Have you ever been asked to take part in a taste test or in a private focused group discussion before an item was set to be released in the market? The same principle applies for an Application Program Interface (API) that are being developed as part of a business’s core services—before you release the finished product for use among your customers, you’d like to work out all the kinks.
APIs undergo several steps of development before their full virtualization or the completion of a virtual copy mirroring all the specifications of production. One of those steps is termed API mocking, in which a team of developers works with imitation software components that emulate their real counterparts’ behavior in specific contexts.
For this feature, let’s define API mocking, discuss where it fits into completing a simulation of an API, what you can achieve for your API’s development during the mocking stage, and why open API mocking is currently the trend among today’s developers. Let’s check out the role that mocking plays in enhancing your API.
API Mocking and Its Related Steps in Simulation
In the grand scheme of things, it is neither practical nor efficient to skip right to the API virtualization stage. API mocking and API virtualization are two different rungs on the upward ladder of API simulation, so the terms are not meant to be used interchangeably.
The two fit in a sequence for creating an API simulation that typically unfolds like this:
- Stubbing stage. This is when developers create and work with a placeholder virtual part that does not have any real functionality;
- Mocking stage. This is when developers create parts with basic functionality that is required only for a specific testing or development purpose;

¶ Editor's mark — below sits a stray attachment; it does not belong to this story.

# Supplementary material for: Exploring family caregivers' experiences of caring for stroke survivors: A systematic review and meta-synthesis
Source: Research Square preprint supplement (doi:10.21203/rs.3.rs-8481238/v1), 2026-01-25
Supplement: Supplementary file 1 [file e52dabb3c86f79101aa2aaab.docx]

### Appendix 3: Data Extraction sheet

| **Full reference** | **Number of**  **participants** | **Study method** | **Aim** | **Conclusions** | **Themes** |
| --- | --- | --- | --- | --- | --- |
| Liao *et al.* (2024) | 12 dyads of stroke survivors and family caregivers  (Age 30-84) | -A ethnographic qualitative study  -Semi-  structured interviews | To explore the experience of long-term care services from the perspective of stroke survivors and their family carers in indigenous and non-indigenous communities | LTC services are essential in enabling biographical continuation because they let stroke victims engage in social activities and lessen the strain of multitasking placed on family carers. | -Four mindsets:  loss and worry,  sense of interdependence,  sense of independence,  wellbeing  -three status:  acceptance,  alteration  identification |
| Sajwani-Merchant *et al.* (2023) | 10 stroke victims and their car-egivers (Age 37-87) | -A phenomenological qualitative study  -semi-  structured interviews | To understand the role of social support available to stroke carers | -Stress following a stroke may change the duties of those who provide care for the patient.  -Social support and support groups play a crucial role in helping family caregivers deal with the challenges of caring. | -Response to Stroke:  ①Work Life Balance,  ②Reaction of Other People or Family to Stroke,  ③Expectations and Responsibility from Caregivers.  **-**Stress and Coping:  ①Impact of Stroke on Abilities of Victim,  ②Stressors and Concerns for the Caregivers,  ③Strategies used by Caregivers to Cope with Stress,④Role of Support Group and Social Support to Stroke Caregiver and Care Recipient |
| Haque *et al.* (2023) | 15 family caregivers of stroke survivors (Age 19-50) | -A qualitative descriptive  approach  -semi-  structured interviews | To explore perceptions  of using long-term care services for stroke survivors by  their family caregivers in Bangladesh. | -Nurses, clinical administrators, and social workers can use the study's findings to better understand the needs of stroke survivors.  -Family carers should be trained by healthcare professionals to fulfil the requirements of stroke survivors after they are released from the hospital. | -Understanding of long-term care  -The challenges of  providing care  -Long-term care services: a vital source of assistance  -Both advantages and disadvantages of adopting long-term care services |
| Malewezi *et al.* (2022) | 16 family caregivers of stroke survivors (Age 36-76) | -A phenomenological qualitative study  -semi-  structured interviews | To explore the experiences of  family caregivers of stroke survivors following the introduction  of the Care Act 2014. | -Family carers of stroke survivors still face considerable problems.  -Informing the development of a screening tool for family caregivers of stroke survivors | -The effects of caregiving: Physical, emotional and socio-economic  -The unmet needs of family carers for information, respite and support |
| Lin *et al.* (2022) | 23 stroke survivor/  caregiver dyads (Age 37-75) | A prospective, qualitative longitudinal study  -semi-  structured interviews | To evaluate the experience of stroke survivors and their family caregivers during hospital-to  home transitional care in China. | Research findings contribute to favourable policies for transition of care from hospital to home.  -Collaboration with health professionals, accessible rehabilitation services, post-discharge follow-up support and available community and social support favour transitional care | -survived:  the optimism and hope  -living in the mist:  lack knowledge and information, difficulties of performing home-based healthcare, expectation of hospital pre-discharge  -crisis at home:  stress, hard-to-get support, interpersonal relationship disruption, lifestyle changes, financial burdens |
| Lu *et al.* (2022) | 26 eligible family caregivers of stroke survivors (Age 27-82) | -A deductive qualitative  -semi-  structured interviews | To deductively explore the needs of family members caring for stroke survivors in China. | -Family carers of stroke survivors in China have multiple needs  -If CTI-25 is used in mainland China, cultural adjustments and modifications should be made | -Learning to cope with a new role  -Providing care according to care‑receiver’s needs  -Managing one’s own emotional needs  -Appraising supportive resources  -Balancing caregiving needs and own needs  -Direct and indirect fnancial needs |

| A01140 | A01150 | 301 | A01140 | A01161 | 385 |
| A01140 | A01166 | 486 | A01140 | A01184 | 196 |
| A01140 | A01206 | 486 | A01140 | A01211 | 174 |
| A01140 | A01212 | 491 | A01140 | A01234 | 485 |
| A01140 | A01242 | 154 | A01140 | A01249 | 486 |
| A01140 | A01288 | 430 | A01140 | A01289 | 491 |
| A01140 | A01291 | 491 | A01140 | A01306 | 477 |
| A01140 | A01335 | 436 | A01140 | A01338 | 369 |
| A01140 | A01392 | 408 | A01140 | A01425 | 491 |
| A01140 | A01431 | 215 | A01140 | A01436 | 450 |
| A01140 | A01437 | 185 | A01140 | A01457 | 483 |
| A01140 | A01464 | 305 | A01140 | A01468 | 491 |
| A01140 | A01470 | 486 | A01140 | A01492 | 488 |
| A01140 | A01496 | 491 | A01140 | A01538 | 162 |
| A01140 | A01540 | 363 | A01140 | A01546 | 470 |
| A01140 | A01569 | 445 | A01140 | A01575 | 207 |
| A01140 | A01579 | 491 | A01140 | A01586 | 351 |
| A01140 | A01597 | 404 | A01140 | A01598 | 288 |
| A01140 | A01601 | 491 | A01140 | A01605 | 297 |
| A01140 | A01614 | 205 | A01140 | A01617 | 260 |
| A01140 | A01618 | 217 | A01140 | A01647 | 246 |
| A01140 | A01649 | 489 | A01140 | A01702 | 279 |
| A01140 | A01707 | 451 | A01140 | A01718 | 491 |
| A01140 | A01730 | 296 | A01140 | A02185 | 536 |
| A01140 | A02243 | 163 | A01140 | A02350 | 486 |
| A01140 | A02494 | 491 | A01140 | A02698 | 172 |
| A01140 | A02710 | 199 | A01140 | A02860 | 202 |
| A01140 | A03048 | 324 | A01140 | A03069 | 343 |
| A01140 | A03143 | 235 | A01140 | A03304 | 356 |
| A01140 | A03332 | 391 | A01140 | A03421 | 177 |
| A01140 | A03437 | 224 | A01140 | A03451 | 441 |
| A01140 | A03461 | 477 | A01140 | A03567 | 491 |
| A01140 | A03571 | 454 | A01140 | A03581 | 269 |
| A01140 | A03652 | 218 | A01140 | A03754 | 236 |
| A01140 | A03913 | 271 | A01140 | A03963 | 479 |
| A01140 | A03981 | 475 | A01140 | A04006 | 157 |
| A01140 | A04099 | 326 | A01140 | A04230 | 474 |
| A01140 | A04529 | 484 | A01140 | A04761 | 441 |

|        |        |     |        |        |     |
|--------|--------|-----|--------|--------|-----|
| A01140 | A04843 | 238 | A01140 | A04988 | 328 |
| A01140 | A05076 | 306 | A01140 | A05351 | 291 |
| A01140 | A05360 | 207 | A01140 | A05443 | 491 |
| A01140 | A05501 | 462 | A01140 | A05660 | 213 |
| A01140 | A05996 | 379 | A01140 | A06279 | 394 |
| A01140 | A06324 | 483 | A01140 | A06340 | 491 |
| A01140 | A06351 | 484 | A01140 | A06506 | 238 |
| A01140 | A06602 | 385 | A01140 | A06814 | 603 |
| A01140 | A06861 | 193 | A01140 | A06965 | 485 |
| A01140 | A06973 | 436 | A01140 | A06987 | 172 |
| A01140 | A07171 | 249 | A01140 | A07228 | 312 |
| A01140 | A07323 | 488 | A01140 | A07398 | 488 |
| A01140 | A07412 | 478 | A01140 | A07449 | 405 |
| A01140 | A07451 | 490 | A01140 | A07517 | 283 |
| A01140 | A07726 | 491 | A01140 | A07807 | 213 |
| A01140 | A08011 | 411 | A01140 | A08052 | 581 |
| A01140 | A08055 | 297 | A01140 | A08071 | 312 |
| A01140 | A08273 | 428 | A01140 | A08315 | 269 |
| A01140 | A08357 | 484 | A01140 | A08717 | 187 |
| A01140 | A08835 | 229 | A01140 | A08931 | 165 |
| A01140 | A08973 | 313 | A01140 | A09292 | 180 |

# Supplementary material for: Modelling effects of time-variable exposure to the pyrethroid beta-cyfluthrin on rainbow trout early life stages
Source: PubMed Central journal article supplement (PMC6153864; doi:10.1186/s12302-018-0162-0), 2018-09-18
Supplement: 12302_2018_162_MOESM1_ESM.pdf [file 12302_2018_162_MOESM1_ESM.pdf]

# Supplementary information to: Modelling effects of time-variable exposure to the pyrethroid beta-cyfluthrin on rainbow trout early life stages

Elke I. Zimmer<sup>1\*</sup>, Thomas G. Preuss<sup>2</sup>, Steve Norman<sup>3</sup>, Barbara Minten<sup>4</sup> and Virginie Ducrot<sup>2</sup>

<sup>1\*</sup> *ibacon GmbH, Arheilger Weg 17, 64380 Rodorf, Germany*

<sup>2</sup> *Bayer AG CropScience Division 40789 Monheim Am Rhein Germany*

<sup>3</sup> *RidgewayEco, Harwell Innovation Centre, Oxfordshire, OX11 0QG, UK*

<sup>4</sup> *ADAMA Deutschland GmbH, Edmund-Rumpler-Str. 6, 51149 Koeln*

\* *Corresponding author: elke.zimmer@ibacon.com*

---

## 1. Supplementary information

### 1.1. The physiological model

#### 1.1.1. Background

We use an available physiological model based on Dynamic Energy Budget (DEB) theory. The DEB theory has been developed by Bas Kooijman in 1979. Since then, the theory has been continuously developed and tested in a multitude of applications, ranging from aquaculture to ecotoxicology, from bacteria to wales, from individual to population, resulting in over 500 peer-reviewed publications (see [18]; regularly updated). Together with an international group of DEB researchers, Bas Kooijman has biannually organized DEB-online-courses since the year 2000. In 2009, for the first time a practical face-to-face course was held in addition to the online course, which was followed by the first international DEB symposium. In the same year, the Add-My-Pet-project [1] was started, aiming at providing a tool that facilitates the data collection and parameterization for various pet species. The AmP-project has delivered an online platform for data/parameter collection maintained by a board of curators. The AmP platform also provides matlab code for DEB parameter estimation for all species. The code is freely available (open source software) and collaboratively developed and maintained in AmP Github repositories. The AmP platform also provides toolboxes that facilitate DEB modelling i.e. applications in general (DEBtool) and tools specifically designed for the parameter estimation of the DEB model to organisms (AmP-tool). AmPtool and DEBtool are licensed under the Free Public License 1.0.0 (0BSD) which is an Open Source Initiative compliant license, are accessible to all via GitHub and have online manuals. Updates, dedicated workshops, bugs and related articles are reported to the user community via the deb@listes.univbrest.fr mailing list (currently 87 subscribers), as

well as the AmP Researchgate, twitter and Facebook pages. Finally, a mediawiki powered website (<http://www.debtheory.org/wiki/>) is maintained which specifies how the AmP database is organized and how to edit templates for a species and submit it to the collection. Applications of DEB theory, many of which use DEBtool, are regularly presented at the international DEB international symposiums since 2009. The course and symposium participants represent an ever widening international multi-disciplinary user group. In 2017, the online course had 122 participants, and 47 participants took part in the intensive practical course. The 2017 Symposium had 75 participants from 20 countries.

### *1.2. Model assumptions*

- Simulation stage. This is when developers construct virtual parts that have complete functionality for testing or development purposes, and;
- Virtualization stage. This is when the API simulation in question may be deployed into an operational, manageable, and controllable environment.
Mocks can be done at several levels, such as for coding, service, and infrastructure. Regardless, they are meant to elicit a particular behavioral response in order to fulfill a certain development need at a specific time. As such, mocks can be run in isolation from the rest of the API components that are being tested, and it can be repeated as many times as deemed necessary by the developers.
A typical setup for mocking is a singular server that can match certain request returns. From these mocks, developers can obtain feedback quickly from a manual or automated test, diagnose and fix bugs, and achieve consistent results.
Overall, the mocking stage can be extremely helpful and productive for a team of developers working in tandem before the API’s visualizations. It is at the mocking stage where developers can recognize all the development and testing workflows possible—and this increases their agility in engaging with increasingly complex infrastructures and systems.
Common Mocking Scenarios and Best Practices to Deploy at the Mocking Stage
The rationale behind mocking is the developer’s capacity to test components accurately in particular contexts—all without the need for external dependencies. This enables development for the API even when full access to target systems is difficult, forbidden, restricted, or plainly impossible because the means to do so are nonexistent. The team doesn’t develop code with the actual external dependencies in place but creates mock dependencies to use instead.
In many cases, these mocks can still be intelligent enough to help developers call accurate shots, and deduce how to move forward based on results that are similar to the actual components. This is how, in the absence of a “real” testing ground with the external dependencies, developers can still push through on the API’s milestones.
Better yet, today’s technologies are well-suited to a lot of play in the mocking stages. A mechanism like open API mocking enables developers to share a platform for testing, create mocks that 100% technically equivalent to their counterparts, and run complex mock behavior that relates to assessing unexpected errors, long response times, or invalidities.
In summary, the mocking stage is an invaluable time for developers to work out mistakes, get the processes right, and be on track for a fully working virtualization of the API.